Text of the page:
News Briefs: Gut Instinct & Opinions; Mindfulness Meditation & Tolerance of Pain; First Impressions

People Who Trust Their Gut Instinct Tend to Hold Their Opinions More Strongly

When you make a decision you may try to arrive at your choice logically with much deliberation. Or you may be someone who lets your gut instinct or a hunch sway your thinking. In an unusual study of the decision-making process, researchers found that people who rely on instinct rather than logic hold more certain attitudes toward their choices and will advocate more strongly for them. In the study, published by the American Psychological Association in the journal Emotion, researchers asked more than 450 volunteers to select from a series of similar items, such as DVD players, restaurants, coffee mugs, and apartments. The participants were then instructed to make their selections using their intuition or logic and analysis. The participants who made intuitive decisions were more likely to say that their choices better reflected their true selves and also reported feeling more certain of their decisions compared with those who were more deliberative. The researchers noted that when decisions are made by instinct, people believe that the choices are more consistent with their other beliefs and what is essentially true about themselves. Researchers also said that making a gut decision is a double-edged sword. For example, choosing an exercise program just because you like the activity may make you more inclined to stick with it. However, making gut decisions about political candidates or other important matters may lead to unwanted consequences.

Mindfulness Meditation May Help You Better Tolerate Pain

Mindfulness is a state of heightened awareness, in which you take in the present moment without judgment or extreme emotional response. Mindfulness training is often done to help people become less anxious and stressed. In a recent study, researchers found that people who are more mindful than others may also feel less pain. In the journal Pain, researchers analyzed data from a 2015 study that compared mindfulness meditation to placebo analgesia (pain relief). In the new study, researchers sought to determine a person’s innate or natural level of mindfulness. Participants who had never had any mindfulness meditation training were exposed to painful heat stimulation while the researchers performed functional magnetic resonance imaging (fMRI). The brain imaging detected changes in a region of the brain called the posterior cingulate cortex. Higher dispositional mindfulness was associated with a deactivation of the posterior cingulate cortex. People who had lower levels of mindfulness displayed greater activation of this important region, which is part of the brain’s default mode network. The default mode network disengages when you’re engaged in a task such as reading or writing. When you stop that task, the default mode network activates and the brain reverts more to emotions and self-related feelings and thoughts. Researchers believe that the posterior cingulate cortex may be a target for pain-relief therapies, and that mindfulness training may be an effective way of helping people better deal with pain.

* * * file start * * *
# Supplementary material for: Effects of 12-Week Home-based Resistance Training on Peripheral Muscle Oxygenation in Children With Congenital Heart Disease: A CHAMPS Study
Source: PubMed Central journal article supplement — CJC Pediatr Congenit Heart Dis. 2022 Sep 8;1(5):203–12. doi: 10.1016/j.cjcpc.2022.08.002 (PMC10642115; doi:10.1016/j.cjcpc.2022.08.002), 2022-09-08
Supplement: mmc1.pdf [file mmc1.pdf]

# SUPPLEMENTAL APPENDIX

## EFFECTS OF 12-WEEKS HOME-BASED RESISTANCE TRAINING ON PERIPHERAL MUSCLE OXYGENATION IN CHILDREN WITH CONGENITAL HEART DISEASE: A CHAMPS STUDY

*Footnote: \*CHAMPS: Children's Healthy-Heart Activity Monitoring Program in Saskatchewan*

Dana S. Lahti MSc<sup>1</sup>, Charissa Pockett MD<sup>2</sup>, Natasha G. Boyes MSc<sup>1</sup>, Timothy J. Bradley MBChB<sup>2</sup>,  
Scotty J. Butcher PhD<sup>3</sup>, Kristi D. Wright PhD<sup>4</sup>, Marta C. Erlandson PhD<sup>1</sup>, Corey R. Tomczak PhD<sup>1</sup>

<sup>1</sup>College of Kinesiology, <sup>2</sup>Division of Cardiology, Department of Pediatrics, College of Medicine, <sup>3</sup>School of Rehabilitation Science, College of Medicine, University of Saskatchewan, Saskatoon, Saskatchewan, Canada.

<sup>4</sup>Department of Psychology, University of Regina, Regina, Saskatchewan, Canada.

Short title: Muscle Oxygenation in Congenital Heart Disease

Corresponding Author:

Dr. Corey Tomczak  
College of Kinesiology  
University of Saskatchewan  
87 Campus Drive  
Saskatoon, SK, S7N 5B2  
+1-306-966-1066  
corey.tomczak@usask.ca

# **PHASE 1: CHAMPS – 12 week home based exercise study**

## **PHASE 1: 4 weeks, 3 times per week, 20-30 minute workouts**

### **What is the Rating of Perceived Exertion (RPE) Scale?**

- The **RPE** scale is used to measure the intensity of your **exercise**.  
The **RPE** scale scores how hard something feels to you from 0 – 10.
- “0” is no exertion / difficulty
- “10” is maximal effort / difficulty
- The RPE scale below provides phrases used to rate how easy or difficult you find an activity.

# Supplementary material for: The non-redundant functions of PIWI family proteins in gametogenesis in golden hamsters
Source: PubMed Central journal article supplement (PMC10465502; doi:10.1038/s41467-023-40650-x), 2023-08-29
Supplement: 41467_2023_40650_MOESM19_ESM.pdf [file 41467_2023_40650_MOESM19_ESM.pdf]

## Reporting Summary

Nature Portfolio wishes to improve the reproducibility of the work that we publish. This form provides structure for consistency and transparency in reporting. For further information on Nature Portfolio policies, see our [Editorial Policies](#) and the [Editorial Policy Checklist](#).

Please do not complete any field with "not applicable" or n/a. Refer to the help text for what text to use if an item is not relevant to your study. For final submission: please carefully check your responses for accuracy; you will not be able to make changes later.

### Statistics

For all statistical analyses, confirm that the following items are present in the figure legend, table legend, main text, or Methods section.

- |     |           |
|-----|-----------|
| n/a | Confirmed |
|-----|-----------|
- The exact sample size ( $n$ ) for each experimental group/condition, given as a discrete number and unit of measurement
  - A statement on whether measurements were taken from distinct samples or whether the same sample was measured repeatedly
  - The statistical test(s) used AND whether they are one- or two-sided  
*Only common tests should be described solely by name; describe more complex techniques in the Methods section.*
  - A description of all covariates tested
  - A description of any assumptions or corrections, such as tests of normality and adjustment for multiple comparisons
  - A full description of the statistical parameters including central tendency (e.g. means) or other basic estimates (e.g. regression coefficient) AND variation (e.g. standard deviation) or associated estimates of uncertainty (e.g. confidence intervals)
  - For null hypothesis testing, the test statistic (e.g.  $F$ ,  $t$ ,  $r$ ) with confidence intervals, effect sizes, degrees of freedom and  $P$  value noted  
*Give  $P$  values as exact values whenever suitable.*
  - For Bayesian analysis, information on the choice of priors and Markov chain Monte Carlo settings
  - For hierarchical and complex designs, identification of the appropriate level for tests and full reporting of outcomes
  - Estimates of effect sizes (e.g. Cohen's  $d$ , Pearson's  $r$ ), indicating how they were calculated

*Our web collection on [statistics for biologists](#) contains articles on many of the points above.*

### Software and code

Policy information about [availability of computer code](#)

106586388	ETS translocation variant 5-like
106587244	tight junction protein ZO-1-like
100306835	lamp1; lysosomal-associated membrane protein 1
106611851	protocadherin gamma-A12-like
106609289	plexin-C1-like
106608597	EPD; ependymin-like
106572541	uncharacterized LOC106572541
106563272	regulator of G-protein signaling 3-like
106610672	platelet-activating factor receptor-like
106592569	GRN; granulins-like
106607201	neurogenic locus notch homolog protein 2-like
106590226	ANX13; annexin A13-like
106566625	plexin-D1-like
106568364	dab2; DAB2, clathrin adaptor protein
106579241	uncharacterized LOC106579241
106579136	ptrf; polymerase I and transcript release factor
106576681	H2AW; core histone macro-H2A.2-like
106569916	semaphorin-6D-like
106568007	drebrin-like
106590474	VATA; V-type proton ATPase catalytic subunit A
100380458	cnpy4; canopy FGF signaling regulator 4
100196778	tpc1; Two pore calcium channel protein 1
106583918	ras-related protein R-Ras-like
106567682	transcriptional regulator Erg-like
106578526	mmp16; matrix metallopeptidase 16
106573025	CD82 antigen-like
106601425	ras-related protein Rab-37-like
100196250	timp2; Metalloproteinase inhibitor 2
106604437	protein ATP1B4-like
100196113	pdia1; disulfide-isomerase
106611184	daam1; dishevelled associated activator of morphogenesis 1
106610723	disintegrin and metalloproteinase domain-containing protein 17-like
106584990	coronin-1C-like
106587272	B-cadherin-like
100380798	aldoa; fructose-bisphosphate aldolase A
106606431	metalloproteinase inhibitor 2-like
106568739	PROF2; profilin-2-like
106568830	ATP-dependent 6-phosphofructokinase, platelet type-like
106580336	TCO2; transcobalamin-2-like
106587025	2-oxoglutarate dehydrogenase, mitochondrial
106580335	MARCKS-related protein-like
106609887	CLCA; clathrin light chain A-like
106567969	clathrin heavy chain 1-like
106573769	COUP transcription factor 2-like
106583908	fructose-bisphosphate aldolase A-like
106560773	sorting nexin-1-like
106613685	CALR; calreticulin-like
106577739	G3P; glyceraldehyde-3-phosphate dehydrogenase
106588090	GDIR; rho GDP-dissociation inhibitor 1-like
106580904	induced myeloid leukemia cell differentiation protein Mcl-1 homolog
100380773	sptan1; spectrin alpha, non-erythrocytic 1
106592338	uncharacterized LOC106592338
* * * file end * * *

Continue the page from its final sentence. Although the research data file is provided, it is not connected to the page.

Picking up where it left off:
Research Shows You May Make a Better First Impression Than You Think

When you meet someone new, you may walk away from that first conversation wondering if the other person enjoyed your company. Thinking about how others see us is a common concern, and a phenomenon known as “meta perception.” And according to a recent study published in Psychological Science, researchers say that most people can stop worrying about whether they made a good first impression. In the study, researchers paired up people who had never met each other. The participants were given icebreaker types of questions, such as “Where are you from?” and “Do you have any hobbies?” After five minutes of conversation, each participant filled out a questionnaire about how they liked their conversation partners and how they thought their partners liked them. Results showed that participants liked their conversation partners more than they thought their partners liked them. Other studies have shown that this “liking gap” occurred whether the pairs had short or long conversations and whether the conversations took place in real-world settings or in more clinical environments. Researchers suggested that even confident people tend to be more self-critical when it comes to social interaction. The findings suggest that, when meeting people in a new setting, you probably come across more appealing and more interesting than you think.

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